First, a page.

Of course geography means targeting a rate vs. the EUR is the logical choice, though it also might reflect SNB expectations that the EUR itself is too rich – the statement noted that the SNB was aiming for a substantial and sustained weakening of the Swiss franc. Pegging oneself to a currency that ought to be cheaper could mean a return to more normalised levels of exchange is quicker that first appreciated. That said the BIS suggest the CHF is 34% overvalued in NEER terms so normal still might not mean fair.
At this point we have reasonable confidence that the SNB policy will take some of the heat out of the CHF, even if this leaves the pair range trading above EUR/CHF1.20. In some respects it could even find itself a beneficiary of the carry trade, CHF being cheaper to short than EUR. It would be ironic if USD/CHF now became the route by which the market expresses its bearish EUR/USD ideas. Looking at the USD/CHF chart a 0.9401/45 target does not look unreasonable with this in mind.
Examining SNB resolve in the broader global context is equally interesting. We’ve already seen those free floating emerging currencies vex over hot money inflows, most vocally Brazil but also places like South Africa where the macro story is hardly compelling enough to warrant the level of exchange rate gains the country has seen. A peg or quasi peg might look alluring to such players.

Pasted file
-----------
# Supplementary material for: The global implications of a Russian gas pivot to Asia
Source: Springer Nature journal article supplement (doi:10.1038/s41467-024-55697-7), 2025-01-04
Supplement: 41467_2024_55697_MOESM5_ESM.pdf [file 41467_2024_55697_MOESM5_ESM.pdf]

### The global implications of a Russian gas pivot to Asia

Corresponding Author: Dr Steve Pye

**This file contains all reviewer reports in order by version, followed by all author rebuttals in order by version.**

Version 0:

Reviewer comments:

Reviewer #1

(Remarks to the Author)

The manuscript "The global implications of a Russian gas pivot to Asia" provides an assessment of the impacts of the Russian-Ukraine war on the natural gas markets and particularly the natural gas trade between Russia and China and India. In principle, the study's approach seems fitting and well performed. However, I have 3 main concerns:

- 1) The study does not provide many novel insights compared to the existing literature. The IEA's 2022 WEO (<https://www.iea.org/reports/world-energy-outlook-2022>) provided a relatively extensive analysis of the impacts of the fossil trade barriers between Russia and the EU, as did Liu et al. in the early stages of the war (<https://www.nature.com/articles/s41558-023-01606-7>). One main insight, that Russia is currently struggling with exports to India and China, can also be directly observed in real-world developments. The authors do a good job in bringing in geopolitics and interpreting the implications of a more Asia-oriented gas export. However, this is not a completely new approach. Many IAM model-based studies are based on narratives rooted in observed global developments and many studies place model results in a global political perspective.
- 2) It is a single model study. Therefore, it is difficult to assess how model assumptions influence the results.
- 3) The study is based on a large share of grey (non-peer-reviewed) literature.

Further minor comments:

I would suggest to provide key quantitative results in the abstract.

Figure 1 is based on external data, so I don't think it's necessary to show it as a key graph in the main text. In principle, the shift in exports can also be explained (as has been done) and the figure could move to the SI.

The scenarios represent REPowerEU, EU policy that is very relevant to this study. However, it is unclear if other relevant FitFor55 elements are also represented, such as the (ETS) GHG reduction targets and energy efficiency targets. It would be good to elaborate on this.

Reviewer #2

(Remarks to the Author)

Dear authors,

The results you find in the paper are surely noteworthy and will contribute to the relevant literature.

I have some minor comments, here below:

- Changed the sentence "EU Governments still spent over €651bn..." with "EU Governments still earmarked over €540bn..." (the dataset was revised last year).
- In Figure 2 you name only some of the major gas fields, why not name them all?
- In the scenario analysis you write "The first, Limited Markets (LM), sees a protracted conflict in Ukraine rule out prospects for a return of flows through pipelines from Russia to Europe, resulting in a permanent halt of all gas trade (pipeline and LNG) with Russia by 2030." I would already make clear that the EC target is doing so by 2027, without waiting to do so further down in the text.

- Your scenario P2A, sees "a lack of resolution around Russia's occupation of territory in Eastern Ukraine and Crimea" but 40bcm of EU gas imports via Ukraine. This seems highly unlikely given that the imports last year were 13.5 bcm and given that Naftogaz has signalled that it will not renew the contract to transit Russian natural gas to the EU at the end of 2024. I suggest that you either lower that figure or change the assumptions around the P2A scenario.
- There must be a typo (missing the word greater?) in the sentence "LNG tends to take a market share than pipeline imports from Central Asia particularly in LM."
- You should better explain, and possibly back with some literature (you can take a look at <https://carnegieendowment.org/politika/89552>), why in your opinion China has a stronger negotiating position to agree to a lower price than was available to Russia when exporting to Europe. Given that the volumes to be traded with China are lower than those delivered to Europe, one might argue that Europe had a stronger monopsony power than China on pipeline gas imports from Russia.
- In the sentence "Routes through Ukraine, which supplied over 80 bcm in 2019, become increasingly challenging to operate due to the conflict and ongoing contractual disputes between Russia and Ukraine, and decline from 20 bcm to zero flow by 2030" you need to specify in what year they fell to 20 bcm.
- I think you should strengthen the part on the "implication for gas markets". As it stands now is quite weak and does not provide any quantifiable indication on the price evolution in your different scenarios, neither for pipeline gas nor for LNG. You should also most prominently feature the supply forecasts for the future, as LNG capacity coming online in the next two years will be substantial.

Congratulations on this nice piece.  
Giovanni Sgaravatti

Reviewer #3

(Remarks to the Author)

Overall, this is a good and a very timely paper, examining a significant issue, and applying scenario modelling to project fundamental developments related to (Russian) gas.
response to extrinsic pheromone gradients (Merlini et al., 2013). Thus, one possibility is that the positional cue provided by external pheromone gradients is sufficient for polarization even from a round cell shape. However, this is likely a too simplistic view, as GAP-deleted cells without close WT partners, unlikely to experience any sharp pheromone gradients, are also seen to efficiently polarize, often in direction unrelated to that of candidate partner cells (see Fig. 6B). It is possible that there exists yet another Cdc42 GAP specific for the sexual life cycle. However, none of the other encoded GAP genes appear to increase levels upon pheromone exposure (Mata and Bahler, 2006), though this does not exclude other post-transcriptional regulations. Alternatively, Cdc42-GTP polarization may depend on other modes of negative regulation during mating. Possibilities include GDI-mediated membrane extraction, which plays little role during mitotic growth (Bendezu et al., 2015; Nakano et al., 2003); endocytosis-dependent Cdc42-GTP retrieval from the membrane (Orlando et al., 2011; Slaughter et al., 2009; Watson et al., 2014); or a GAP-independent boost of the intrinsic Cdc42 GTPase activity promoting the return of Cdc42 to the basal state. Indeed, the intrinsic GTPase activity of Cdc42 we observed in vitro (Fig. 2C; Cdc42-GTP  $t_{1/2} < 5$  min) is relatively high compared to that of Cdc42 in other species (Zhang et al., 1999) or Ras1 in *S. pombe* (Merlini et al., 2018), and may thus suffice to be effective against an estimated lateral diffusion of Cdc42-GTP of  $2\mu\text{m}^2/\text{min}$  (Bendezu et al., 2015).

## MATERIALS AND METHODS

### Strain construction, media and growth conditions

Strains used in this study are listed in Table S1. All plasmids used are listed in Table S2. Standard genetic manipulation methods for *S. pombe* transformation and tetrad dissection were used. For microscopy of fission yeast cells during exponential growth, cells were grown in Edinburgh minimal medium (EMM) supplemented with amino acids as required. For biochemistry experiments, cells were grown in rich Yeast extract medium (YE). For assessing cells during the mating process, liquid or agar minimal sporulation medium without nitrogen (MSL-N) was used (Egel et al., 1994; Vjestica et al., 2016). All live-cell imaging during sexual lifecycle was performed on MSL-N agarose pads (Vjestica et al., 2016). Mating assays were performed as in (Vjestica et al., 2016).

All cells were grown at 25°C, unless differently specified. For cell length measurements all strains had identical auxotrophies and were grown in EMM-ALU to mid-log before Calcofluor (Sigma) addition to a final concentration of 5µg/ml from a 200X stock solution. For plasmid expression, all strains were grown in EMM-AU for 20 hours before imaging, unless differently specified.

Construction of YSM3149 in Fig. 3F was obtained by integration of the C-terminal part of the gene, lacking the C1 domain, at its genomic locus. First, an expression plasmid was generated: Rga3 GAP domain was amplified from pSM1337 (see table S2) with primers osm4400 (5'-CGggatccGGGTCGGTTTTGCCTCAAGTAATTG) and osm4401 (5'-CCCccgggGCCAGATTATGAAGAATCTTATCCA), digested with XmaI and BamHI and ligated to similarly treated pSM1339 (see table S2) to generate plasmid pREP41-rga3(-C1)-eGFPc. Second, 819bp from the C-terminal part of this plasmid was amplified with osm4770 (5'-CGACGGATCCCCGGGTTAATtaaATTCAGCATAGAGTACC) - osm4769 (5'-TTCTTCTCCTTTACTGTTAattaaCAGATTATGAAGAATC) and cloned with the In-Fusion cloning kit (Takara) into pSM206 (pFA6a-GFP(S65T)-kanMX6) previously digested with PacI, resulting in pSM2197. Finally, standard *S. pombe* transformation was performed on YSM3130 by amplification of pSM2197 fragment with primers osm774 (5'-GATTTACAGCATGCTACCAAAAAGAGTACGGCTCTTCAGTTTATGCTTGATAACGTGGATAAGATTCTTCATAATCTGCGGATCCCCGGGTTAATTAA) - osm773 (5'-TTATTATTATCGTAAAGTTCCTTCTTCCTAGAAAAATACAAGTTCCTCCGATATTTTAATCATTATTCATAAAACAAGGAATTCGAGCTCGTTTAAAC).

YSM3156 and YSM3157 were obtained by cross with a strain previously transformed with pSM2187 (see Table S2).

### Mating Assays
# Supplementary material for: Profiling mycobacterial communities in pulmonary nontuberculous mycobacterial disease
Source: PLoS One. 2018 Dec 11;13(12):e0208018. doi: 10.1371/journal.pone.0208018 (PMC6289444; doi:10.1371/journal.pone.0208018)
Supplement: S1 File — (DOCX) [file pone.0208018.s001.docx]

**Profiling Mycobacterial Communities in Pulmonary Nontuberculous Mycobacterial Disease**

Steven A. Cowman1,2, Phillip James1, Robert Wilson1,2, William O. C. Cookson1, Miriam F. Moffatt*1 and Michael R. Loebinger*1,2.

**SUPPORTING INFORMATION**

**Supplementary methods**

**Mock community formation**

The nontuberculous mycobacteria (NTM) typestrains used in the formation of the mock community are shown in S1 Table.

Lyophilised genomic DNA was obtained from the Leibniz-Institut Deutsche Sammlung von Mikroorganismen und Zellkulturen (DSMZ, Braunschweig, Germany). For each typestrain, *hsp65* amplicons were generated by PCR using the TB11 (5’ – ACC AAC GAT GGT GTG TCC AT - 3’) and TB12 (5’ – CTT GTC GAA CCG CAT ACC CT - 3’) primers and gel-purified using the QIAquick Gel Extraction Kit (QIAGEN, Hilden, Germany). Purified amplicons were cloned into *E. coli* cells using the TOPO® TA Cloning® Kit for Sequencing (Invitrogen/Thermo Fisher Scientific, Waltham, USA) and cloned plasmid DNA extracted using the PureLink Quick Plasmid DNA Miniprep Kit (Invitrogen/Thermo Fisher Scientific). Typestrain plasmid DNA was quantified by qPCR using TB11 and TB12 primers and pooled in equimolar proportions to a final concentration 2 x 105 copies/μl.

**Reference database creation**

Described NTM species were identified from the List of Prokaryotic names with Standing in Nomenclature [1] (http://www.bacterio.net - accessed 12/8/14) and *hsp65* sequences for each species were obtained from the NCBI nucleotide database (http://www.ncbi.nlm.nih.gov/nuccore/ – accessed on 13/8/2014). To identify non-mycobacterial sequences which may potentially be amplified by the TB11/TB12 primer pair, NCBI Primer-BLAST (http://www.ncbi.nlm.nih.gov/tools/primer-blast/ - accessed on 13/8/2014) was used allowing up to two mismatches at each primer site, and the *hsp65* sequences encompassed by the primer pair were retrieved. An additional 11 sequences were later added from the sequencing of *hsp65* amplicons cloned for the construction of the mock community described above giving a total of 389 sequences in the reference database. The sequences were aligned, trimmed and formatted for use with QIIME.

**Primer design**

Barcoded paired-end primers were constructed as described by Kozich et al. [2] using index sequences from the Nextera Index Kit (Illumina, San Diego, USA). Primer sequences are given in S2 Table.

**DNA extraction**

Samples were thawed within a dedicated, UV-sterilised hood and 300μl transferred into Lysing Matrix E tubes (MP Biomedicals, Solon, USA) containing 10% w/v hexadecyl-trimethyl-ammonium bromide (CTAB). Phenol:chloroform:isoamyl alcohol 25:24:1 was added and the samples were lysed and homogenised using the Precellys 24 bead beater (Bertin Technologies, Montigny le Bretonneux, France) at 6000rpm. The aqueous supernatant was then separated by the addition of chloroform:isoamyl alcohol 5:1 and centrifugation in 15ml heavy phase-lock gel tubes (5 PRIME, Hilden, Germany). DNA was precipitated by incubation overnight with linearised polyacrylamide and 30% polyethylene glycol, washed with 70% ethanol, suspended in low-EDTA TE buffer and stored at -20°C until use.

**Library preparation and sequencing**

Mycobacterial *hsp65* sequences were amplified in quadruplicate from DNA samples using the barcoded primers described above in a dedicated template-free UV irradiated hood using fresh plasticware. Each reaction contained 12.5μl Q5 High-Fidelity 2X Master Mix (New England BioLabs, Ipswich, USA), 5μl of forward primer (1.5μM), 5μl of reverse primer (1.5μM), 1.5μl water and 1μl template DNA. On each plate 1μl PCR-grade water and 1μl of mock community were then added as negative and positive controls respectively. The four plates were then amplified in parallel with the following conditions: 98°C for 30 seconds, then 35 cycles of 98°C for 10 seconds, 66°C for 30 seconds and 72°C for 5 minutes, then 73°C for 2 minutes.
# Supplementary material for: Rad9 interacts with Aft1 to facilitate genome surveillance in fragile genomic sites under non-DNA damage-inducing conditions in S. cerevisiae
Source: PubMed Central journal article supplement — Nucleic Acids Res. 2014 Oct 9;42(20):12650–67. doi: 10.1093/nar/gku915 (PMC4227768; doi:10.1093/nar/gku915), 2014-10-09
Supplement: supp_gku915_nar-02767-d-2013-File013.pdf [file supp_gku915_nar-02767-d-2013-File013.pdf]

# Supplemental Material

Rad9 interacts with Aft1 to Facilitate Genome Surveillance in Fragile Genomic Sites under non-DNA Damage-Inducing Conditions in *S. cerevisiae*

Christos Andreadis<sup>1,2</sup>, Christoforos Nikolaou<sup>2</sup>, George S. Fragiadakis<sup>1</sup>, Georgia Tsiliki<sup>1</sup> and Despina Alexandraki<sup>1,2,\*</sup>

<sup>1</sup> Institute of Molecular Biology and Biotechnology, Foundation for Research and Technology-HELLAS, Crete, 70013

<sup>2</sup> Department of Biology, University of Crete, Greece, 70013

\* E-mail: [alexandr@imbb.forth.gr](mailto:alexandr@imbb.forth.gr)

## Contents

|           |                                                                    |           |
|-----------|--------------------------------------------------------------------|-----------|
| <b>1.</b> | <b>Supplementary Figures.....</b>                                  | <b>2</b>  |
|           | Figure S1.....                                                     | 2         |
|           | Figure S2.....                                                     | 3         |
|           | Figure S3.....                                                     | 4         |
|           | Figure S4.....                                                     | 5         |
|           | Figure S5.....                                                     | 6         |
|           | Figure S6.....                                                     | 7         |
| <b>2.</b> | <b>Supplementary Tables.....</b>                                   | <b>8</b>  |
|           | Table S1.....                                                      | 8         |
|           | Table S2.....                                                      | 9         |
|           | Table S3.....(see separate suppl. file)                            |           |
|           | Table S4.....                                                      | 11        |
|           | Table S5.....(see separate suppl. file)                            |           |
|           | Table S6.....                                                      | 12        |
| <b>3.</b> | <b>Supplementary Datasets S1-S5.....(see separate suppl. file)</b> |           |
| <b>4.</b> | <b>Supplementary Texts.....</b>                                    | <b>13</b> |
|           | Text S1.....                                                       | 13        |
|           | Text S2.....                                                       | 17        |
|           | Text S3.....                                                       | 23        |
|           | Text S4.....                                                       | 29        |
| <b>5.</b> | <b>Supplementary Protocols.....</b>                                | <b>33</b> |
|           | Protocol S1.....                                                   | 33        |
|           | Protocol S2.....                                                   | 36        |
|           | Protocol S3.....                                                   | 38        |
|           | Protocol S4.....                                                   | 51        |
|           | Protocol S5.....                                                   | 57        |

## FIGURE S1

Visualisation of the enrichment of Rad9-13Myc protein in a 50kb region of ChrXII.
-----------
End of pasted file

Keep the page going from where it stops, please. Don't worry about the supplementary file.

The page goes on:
Equally this type of policy might be right for the Japanese – even if the yen is nowhere near as overvalued as the likes of CHF, BRL or the antipodean currencies. More relevant for the Japanese is the policies of its direct competitors, most of which operate some form of dollar peg. As we’ve noted before one only has to look at the market share grabbed by Korean corporates to realise the scale of the problem. Taking the moral high ground gets you nowhere in such instances. Free floating currencies are only viable in a world of freely floating currencies. A JPY currency floor would certainly focus minds on this type of anti-competitive behaviour, particularly at a time when the Fed and other central banks (UK specifically) are perceived to be mulling more quantitative easing (or similar) with the repercussions this ought to have for the dollar and its associates (CNY, KRW etc). PM Noda take note.